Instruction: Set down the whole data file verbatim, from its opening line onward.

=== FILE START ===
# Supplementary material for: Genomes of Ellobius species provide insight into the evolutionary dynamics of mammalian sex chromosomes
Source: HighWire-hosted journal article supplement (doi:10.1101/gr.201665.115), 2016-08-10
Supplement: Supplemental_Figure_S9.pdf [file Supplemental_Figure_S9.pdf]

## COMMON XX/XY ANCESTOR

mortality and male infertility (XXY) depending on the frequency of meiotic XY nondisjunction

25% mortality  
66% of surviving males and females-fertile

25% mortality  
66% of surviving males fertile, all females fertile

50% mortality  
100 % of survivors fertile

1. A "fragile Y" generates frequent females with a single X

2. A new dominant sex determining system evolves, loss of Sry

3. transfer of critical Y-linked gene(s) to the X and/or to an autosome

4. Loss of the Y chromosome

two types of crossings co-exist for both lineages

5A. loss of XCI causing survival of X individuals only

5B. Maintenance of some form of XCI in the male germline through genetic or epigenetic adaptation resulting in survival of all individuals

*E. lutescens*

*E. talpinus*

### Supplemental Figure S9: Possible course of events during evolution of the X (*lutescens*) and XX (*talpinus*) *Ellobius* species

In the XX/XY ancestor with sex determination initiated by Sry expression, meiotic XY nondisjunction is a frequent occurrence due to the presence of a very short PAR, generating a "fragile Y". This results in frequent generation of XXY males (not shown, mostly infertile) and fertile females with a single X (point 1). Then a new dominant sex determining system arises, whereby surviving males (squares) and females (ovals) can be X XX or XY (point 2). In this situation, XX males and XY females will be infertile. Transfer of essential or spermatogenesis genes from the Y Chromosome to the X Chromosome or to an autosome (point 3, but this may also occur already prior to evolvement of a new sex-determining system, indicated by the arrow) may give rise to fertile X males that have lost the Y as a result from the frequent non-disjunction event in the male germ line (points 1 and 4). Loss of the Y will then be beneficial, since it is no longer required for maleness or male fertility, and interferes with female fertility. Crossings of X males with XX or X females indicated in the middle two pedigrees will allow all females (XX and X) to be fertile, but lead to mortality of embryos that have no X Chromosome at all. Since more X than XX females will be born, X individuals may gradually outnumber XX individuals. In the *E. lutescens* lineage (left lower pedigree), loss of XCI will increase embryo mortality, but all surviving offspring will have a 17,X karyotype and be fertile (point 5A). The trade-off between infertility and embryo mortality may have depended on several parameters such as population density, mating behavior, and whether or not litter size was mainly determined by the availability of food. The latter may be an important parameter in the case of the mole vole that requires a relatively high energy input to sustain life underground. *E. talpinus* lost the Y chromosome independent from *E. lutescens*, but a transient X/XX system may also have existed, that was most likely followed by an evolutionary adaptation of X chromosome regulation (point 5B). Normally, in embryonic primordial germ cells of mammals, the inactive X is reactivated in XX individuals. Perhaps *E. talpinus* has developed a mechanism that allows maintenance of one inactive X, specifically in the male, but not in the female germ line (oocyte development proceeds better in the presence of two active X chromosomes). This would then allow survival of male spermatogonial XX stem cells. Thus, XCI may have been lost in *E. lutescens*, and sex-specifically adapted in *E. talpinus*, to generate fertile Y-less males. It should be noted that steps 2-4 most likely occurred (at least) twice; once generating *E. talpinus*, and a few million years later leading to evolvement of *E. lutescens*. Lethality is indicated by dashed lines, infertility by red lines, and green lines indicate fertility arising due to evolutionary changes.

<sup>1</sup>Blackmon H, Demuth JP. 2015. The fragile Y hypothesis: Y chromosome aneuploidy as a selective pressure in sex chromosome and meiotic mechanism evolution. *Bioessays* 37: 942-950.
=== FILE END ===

# Supplementary material for: Genomes of Ellobius species provide insight into the evolutionary dynamics of mammalian sex chromosomes
Source: HighWire-hosted journal article supplement (doi:10.1101/gr.201665.115), 2016-08-10
Supplement: Supplemental_Figure_S9.pdf [file Supplemental_Figure_S9.pdf]

## COMMON XX/XY ANCESTOR

mortality and male infertility (XXY) depending on the frequency of meiotic XY nondisjunction

25% mortality  
66% of surviving males and females-fertile

25% mortality  
66% of surviving males fertile, all females fertile

50% mortality  
100 % of survivors fertile

1. A "fragile Y" generates frequent females with a single X

2. A new dominant sex determining system evolves, loss of Sry

3. transfer of critical Y-linked gene(s) to the X and/or to an autosome

4. Loss of the Y chromosome

two types of crossings co-exist for both lineages

5A. loss of XCI causing survival of X individuals only

5B. Maintenance of some form of XCI in the male germline through genetic or epigenetic adaptation resulting in survival of all individuals

*E. lutescens*

*E. talpinus*

### Supplemental Figure S9: Possible course of events during evolution of the X (*lutescens*) and XX (*talpinus*) *Ellobius* species

In the XX/XY ancestor with sex determination initiated by Sry expression, meiotic XY nondisjunction is a frequent occurrence due to the presence of a very short PAR, generating a "fragile Y". This results in frequent generation of XXY males (not shown, mostly infertile) and fertile females with a single X (point 1). Then a new dominant sex determining system arises, whereby surviving males (squares) and females (ovals) can be X XX or XY (point 2). In this situation, XX males and XY females will be infertile. Transfer of essential or spermatogenesis genes from the Y Chromosome to the X Chromosome or to an autosome (point 3, but this may also occur already prior to evolvement of a new sex-determining system, indicated by the arrow) may give rise to fertile X males that have lost the Y as a result from the frequent non-disjunction event in the male germ line (points 1 and 4). Loss of the Y will then be beneficial, since it is no longer required for maleness or male fertility, and interferes with female fertility. Crossings of X males with XX or X females indicated in the middle two pedigrees will allow all females (XX and X) to be fertile, but lead to mortality of embryos that have no X Chromosome at all. Since more X than XX females will be born, X individuals may gradually outnumber XX individuals. In the *E. lutescens* lineage (left lower pedigree), loss of XCI will increase embryo mortality, but all surviving offspring will have a 17,X karyotype and be fertile (point 5A). The trade-off between infertility and embryo mortality may have depended on several parameters such as population density, mating behavior, and whether or not litter size was mainly determined by the availability of food. The latter may be an important parameter in the case of the mole vole that requires a relatively high energy input to sustain life underground. *E. talpinus* lost the Y chromosome independent from *E. lutescens*, but a transient X/XX system may also have existed, that was most likely followed by an evolutionary adaptation of X chromosome regulation (point 5B). Normally, in embryonic primordial germ cells of mammals, the inactive X is reactivated in XX individuals. Perhaps *E. talpinus* has developed a mechanism that allows maintenance of one inactive X, specifically in the male, but not in the female germ line (oocyte development proceeds better in the presence of two active X chromosomes). This would then allow survival of male spermatogonial XX stem cells. Thus, XCI may have been lost in *E. lutescens*, and sex-specifically adapted in *E. talpinus*, to generate fertile Y-less males. It should be noted that steps 2-4 most likely occurred (at least) twice; once generating *E. talpinus*, and a few million years later leading to evolvement of *E. lutescens*. Lethality is indicated by dashed lines, infertility by red lines, and green lines indicate fertility arising due to evolutionary changes.

<sup>1</sup>Blackmon H, Demuth JP. 2015. The fragile Y hypothesis: Y chromosome aneuploidy as a selective pressure in sex chromosome and meiotic mechanism evolution. *Bioessays* 37: 942-950.